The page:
Lessons Learned The Hard Way

Lapses in good practice, human error or lack of knowledge have resulted in serious injuries and deaths. A review of the root causes of these accidents reveals a worrying similarity.


In 1993, in Ankara, Turkey, three disused cobalt-60 teletherapy sources were packaged for re-export to the United States. The sources were not exported immediately, but were stored without the permission of the regulatory authority at the company’s premises. Over time, two of these packages were taken to Istanbul and eventually transferred to empty premises that were not secure. In November 1998, these premises were sold, and the new owners sold the packages as scrap metal to two brothers. By December 1998, the brothers had taken the packages to the family home and over a period of a few days began dismantling the protective containers, until they and others became ill with nausea and vomiting. At some point, pieces of the dismantled containers and at least one unshielded source were apparently left in a residential area before being taken to a local scrap yard.

By the time doctors suspected exposure to radiation, and not food poisoning, was the cause of the illnesses, a total of 18 persons were admitted to hospital. Ten of these persons had symptoms of severe radiation syndrome. Five of these had to be hospitalized for 45 days. Authorities recovered one source at the scrap yard before it was melted down. The second source, reported to be in one of the packages, has not been recovered to this day. Inadequate security over the sources and inadequate periodic inventory checks of the waste packages were the main contributing factors that allowed the unauthorized sale to take place.

Lack of recognition of the trefoil symbol on the source by those trying to dismantle the source was also an important factor in the number of persons affected by this accident. Improper waste management of the sources once they become disused was the root cause of the problem.


In November 2000, a worker set off a radiation detector on his way into work at a French nuclear power plant. Fearing that the worker might have somehow been contaminated at the plant, a thorough check for contamination was made. The results sparked concern not just in France, but also around the world. The worker himself was not contaminated, but parts of the metal bracelet of his watch were found to be radioactive. Further analysis revealed that the steel pins in the bracelet were contaminated with traces of cobalt-60, a radioactive form of cobalt.

The watches had been imported from Hong Kong, where they had been assembled. The source of the contamination was later traced to a small plant in China that had provided the steel for the bracelet pins. It is thought that a teletherapy head, a device used in radiation treatment of cancer patients, had been inadvertently melted down as scrap at this plant. In France, the watches were sold through a large multinational, department store, raising fears that the watches could also have been on sale in Europe, Asia, and South America.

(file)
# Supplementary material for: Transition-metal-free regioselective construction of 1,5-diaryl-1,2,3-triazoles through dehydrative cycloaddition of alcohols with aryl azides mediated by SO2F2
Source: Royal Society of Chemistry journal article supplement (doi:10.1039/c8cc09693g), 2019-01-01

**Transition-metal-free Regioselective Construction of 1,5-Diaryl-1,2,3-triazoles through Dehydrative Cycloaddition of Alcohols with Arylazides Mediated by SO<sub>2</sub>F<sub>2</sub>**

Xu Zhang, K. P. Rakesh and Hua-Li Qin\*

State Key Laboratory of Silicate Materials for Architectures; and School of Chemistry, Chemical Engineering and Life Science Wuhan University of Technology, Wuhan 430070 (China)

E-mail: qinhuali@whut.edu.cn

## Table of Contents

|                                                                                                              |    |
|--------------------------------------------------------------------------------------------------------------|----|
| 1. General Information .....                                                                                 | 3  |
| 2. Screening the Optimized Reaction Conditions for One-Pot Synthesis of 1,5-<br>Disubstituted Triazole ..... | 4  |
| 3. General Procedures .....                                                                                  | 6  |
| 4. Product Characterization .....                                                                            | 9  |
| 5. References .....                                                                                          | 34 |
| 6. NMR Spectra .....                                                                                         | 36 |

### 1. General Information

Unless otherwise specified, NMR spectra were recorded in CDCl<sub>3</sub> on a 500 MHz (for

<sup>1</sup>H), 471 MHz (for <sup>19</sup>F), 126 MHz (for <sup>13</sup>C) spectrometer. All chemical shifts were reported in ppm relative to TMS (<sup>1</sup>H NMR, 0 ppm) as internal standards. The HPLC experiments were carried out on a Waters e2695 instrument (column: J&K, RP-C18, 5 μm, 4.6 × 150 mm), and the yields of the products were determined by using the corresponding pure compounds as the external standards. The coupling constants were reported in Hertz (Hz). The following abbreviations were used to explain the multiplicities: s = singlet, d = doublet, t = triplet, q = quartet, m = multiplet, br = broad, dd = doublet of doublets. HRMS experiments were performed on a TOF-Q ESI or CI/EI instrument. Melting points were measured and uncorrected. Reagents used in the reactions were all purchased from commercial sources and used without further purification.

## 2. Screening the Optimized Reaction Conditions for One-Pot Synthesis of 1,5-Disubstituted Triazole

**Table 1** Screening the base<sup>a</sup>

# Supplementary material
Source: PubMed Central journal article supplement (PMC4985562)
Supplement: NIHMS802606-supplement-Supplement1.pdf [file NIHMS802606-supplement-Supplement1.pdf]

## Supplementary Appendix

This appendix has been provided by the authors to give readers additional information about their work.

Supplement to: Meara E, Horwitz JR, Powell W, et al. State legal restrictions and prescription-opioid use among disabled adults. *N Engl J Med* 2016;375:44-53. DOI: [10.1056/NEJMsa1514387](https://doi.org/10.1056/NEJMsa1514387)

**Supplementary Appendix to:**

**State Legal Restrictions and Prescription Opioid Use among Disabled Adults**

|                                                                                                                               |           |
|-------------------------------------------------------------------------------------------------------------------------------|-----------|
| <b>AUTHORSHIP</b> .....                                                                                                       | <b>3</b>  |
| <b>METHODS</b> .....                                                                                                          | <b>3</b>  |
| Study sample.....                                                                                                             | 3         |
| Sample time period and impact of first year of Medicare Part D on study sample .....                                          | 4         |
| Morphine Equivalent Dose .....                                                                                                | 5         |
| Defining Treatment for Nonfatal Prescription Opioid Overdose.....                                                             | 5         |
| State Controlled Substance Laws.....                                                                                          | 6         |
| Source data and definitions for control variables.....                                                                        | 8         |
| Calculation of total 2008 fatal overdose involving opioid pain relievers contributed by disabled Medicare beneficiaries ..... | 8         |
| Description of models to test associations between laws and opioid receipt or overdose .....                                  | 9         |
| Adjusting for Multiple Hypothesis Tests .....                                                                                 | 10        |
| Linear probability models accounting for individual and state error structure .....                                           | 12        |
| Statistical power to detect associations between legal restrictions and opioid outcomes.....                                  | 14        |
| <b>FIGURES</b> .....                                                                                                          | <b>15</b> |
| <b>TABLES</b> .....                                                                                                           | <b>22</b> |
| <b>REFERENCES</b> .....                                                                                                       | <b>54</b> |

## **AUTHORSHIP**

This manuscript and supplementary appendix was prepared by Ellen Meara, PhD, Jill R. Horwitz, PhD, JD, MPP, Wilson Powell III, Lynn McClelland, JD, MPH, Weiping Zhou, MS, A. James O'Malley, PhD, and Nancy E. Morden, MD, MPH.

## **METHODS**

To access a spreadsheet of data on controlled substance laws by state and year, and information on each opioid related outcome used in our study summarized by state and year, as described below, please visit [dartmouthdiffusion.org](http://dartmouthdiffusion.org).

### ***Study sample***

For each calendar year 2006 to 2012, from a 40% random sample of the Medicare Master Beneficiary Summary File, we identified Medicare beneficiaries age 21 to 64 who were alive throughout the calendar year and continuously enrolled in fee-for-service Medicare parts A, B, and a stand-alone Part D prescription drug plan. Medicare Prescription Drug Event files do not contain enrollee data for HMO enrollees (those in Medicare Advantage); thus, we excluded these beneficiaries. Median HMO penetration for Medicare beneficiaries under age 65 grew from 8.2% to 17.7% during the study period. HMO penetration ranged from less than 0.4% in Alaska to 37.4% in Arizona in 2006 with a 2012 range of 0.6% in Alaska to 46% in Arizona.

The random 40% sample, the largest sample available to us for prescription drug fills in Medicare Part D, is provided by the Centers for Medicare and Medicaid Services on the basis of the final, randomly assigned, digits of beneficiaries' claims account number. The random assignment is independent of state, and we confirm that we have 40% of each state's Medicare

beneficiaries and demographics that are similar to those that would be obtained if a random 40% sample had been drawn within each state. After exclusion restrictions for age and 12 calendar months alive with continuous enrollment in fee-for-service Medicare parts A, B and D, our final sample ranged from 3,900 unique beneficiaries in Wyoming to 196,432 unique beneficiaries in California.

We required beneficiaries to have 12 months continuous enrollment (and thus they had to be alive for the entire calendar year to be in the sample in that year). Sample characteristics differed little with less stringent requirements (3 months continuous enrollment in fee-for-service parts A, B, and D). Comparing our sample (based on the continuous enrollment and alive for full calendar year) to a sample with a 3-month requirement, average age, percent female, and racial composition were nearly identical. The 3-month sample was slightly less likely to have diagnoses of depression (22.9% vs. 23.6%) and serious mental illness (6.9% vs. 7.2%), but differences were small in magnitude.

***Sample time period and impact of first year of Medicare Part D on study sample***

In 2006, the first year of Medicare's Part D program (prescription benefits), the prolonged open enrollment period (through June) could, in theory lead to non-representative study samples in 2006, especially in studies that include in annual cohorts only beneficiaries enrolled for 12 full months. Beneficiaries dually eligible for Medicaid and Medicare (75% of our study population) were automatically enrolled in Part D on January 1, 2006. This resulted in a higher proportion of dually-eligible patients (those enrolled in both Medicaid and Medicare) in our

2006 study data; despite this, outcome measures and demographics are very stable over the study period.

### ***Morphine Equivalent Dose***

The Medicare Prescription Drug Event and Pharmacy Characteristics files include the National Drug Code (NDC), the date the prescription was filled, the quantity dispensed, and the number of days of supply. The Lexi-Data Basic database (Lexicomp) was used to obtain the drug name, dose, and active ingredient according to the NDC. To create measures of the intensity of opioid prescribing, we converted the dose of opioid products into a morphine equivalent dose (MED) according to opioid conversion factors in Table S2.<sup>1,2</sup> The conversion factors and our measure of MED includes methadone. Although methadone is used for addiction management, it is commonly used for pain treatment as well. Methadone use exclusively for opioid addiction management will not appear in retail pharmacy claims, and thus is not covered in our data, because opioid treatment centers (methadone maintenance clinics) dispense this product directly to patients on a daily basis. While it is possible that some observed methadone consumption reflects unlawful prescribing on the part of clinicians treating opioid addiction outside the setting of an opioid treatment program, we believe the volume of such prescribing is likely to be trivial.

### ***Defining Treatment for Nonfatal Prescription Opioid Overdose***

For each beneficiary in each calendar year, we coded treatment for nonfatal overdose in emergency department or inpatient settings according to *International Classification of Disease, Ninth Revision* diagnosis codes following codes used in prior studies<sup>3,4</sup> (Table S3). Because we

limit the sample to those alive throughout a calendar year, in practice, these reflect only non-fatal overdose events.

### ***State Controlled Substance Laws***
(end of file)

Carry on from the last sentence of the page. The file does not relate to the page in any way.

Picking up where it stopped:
Fortunately, an investigation by nuclear regulatory authorities around the globe did not find any similar watches in distribution. But had one contaminated watch not been detected at a French nuclear plant, many people might have been exposed to low doses of radiation. The one hundred kilograms of contaminated steel found at the plant in China might never have been discovered and could have been used to make other consumer products.


In February 2000, a serious accident in Samut Prakarn, Thailand resulted in death, injury, and widespread concern. A disused cobalt-60 teletherapy source was being stored, apparently without knowledge or permission of the regulatory authority, in insecure outdoor premises normally used for storing new cars. Two local scrap collectors allegedly bought some scrap including the source and took it home to dismantle and resell. They later took the partially dismantled teletherapy head to a junkyard where an employee cut open the protective shielding with an oxyacetylene torch. Those who had been nearby when the protective shielding was cut began to experience nausea and vomiting. Those who had touched some parts of the exposed metal began to suffer burn-like injuries. The symptoms worsened over a period of days.

It was not until about ten days later that some began to seek medical treatment for their symptoms. By the time medical authorities reported their suspicions about a radiation accident, approximately 17 days had passed. This accident resulted in radiation injuries to ten people of whom three died within the first two months despite medical treatment. Approximately 1,870 individuals living within 100 meters of the junkyard were exposed, with many seeking medical attention. The Ministry of Health is monitoring about 258 of these individuals who live within 50 meters of the junkyard for long-term health effects from the accident. An investigation revealed that the root cause of the accident was the failure of the party responsible for the disused source to keep it securely stored.

Had those who acquired the teletherapy head recognized the radiation symbol (trefoil), they might not have tried to dismantle it and would have not been exposed to radiation.